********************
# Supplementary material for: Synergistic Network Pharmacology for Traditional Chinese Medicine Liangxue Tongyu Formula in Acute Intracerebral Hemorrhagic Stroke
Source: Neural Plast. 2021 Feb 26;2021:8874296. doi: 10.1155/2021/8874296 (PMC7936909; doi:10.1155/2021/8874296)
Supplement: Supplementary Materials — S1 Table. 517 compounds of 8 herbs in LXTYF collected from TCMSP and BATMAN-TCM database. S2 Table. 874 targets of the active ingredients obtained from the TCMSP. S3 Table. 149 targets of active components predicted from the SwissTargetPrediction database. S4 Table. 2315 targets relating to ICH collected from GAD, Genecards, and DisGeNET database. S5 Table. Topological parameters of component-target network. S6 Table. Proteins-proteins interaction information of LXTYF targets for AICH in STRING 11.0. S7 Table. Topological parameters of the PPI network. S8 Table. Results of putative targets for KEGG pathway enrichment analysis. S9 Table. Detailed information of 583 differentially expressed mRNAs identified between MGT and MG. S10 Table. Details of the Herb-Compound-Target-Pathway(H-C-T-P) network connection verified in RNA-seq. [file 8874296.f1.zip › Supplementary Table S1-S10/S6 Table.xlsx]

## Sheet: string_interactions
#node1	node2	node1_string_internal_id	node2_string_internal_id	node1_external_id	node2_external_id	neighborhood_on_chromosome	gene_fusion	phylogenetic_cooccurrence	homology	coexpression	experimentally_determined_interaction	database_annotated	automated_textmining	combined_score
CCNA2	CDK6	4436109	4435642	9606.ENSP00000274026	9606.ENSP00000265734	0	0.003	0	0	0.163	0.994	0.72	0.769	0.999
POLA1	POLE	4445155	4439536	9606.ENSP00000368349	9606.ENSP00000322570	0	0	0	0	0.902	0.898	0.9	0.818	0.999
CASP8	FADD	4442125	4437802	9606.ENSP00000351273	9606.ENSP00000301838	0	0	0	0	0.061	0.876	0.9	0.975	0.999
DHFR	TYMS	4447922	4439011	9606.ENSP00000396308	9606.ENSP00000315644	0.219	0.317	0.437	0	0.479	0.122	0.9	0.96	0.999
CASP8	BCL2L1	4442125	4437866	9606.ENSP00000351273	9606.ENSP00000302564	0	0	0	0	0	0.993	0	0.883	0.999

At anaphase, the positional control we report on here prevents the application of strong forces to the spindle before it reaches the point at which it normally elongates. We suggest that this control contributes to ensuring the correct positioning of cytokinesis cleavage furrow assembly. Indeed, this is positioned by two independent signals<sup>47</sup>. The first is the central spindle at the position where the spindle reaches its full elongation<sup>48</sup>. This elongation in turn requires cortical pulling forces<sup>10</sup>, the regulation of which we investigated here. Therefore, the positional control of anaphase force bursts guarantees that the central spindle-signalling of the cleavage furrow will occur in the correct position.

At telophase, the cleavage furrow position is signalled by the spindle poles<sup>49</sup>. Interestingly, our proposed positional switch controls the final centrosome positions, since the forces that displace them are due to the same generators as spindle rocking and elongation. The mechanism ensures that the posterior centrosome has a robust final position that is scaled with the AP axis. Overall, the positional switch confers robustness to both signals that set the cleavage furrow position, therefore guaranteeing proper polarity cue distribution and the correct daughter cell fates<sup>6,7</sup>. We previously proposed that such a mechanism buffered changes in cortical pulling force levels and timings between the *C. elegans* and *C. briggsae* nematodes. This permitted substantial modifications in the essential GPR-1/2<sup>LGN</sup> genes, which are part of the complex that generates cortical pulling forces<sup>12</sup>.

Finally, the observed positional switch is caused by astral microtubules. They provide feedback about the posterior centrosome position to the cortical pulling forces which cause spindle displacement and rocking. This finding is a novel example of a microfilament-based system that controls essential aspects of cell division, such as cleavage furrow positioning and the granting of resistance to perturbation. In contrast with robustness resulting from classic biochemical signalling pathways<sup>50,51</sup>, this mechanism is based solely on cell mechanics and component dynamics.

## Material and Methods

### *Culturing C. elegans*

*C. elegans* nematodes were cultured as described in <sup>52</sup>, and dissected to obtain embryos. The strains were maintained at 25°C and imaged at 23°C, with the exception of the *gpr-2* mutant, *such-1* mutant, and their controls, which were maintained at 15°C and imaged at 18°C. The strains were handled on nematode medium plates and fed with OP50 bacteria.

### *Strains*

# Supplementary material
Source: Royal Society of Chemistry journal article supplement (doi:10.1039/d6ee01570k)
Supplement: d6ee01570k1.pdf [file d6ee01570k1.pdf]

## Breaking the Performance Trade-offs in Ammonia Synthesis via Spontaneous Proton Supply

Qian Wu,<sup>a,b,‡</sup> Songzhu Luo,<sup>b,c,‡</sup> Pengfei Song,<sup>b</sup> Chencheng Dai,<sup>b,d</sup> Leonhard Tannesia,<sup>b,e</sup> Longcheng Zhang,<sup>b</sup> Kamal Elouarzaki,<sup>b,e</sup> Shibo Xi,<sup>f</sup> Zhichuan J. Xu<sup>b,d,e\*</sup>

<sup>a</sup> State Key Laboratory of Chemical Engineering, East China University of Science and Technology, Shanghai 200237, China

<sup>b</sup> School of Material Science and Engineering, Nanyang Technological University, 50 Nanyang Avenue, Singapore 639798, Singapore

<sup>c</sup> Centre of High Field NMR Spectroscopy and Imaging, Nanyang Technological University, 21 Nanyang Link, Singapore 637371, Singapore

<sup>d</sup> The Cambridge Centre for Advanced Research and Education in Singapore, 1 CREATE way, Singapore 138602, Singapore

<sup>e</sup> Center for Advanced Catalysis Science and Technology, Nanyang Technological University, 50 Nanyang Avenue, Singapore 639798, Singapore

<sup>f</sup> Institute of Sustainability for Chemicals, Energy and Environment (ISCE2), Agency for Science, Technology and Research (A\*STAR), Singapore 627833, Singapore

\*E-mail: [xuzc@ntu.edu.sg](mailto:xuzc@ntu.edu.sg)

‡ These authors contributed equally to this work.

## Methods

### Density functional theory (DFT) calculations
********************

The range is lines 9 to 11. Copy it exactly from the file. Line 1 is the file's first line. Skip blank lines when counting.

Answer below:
DHFR	TYMS	4447922	4439011	9606.ENSP00000396308	9606.ENSP00000315644	0.219	0.317	0.437	0	0.479	0.122	0.9	0.96	0.999
CASP8	BCL2L1	4442125	4437866	9606.ENSP00000351273	9606.ENSP00000302564	0	0	0	0	0	0.993	0	0.883	0.999

At anaphase, the positional control we report on here prevents the application of strong forces to the spindle before it reaches the point at which it normally elongates. We suggest that this control contributes to ensuring the correct positioning of cytokinesis cleavage furrow assembly. Indeed, this is positioned by two independent signals<sup>47</sup>. The first is the central spindle at the position where the spindle reaches its full elongation<sup>48</sup>. This elongation in turn requires cortical pulling forces<sup>10</sup>, the regulation of which we investigated here. Therefore, the positional control of anaphase force bursts guarantees that the central spindle-signalling of the cleavage furrow will occur in the correct position.